• Protocol buffers, along with other solid RPC libraries, include support for versioning • They make it hard for programmers to evolve their protocols in non-backward-compat ways


Example: Protocol Buffer Address Book • Handout: LISTING 2 • To remark: – Field IDs, which allow protocol to evolve over time • IDs are sent along with values and uniquely identify the fields • IDs are written in stone – must never be changed in future

– Some fields may be optional • You must never remove a non-optional field from a protobuf!

– Repeated fields have no special ordering by default


Comparison: Protobuf vs. XML • Protobufs are marshaled extremely efficiently – Binary format (as opposed to XML’s textual format)

• Example (according to protobuf documentation): XML John Doe [email protected]

- size: 69 bytes (w/o whitespaces) - parse: 5,000-10,000ns

Protobuf person { 1:“John Doe” 3:”[email protected]” }

- size: 28 bytes - parse: 100-200ns

• BUT: Do you see any problems, too? https://developers.google.com/protocol-buffers/docs/overview


Thrift • Similar in flavor to protocol buffer technology • Advantages: – Supports somewhat more fancy types • Lists, sets, maps, exceptions, constants

– Compiles to additional languages: • C#, Php, Ruby, Erlang, Haskell, …

– Serializes to both binary and JSON – Incorporates RPC transport! – Supports streaming • I.e., server can start processing on parts of input!


Example: Thrift AddressBook • Handout: LISTING 3 • To observe: – Very similar flavor to protocol buffers – Supports both ordered lists and unordered sets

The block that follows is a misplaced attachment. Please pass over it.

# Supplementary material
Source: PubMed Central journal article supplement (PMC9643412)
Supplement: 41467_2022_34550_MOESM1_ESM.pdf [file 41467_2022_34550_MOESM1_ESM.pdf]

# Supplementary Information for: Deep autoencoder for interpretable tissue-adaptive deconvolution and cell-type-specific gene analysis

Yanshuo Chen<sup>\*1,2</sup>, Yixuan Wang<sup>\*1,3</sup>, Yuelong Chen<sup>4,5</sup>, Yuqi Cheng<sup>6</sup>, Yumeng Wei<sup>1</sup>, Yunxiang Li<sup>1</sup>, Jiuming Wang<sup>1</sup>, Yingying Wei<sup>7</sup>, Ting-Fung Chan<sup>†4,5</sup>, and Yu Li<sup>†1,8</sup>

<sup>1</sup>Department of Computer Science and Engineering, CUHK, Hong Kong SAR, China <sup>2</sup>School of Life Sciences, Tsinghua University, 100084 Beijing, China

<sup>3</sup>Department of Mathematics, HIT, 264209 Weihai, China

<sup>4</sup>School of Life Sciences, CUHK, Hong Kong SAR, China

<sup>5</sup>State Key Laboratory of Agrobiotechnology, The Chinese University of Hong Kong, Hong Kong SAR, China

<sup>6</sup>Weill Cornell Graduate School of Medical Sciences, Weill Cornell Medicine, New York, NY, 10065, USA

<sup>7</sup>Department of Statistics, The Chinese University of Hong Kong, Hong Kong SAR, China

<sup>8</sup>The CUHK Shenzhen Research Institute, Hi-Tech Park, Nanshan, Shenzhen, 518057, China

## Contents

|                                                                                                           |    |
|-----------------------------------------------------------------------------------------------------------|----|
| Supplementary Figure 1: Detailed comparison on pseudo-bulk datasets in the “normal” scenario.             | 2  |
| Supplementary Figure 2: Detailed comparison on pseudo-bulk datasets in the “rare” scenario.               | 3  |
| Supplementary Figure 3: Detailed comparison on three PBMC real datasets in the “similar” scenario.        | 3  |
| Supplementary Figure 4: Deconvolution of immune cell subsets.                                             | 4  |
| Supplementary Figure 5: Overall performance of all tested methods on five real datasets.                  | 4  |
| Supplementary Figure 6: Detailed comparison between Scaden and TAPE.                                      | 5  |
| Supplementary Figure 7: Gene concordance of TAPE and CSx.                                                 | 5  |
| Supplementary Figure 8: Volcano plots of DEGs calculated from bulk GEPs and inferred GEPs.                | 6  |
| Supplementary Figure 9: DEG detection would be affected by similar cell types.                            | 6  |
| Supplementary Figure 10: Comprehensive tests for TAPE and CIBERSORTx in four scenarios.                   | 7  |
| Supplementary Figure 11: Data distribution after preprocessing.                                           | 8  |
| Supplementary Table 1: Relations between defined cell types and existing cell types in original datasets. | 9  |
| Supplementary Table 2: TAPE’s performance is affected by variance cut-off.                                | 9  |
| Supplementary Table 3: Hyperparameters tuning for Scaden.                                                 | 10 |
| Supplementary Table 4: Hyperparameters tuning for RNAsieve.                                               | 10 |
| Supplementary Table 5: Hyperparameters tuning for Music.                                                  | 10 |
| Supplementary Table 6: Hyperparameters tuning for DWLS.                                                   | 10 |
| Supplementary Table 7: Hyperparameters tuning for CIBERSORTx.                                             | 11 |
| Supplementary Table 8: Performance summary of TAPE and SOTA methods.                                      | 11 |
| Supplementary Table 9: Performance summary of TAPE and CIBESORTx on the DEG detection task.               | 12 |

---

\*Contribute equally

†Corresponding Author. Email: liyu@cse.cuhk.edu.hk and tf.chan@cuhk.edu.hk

RPC Summary • RPC technology focuses on programming use and aims to: – Make distributed communication similar to local calls – Support protocol evolution – Make it hard to get it wrong • Semantics are challenging – Can't really hide the network and make it all look local • Performance is key • You've learned about a few technologies, which you might use in future


Distributed Systems Lecture 5: RPC Technologies LISTING 1: Apache’s XML/RPC Java Library Example (http://www.tutorialspoint.com/xml-rpc/xml_rpc_examples.htm) 1.a) The client-side code: import org.apache.xmlrpc.*; public class JavaClient { public static void main(String [] args) { try { XmlRpcClient server = new XmlRpcClient("http://localhost/RPC2"); Vector params = new Vector(); params.addElement(new Integer(17)); params.addElement(new Integer(13)); Object result = server.execute("sample.add", params); int sum = ((Integer)result).intValue(); System.out.println("The sum is: "+ sum); } catch (Exception exception) { // … } } }

1.b) The server-side code: import org.apache.xmlrpc.*; public class RPCHandler { public Integer add(int x, int y) { return new Integer(x + y); } public static void main (String[] args) { try { WebServer server = new WebServer(80); server.addHandler("sample", new RPCHandler()); server.start(); } catch (Exception exception) { // … } } }

1.c) XML Marshaling: sample.add 17 13

// register the handler class

LISTING 2: Protocol Buffer API Example (https://developers.google.com/protocol-buffers/docs/overview) 2.a) Defining the protocol buffer: You define a protocol buffer (or a set thereof) by writing their definitions in the protocol-buffer language into a .proto file. Example: AddressBook.proto, which defines protocol buffers for an address book: package tutorial option java_package = "com.example.tutorial"; option java_outer_classname = "AddressBookProtos"; message Person { required string name = 1; required int32 id = 2; optional string email = 3; enum PhoneType { MOBILE = 0; HOME = 1; WORK = 2; } message PhoneNumber { required string number = 1; optional PhoneType type = 2 [default = HOME]; } repeated PhoneNumber phone = 4; } message AddressBook { repeated Person person = 1; }

2.b) Compiling protocol buffers: The protocol-buffer library provides a compiler, which takes in a .proto file and generates corresponding classes in a language of your choice, e.g. Java, Python, or C++ (third parties provide compiler extensions for other languages, too). # $PROTOC_HOME/bin/protoc –java_out $PWD AddressBook.proto // generates com.example.tutorial.AddressBookProtos.java, with two classes: // Person and AddressBook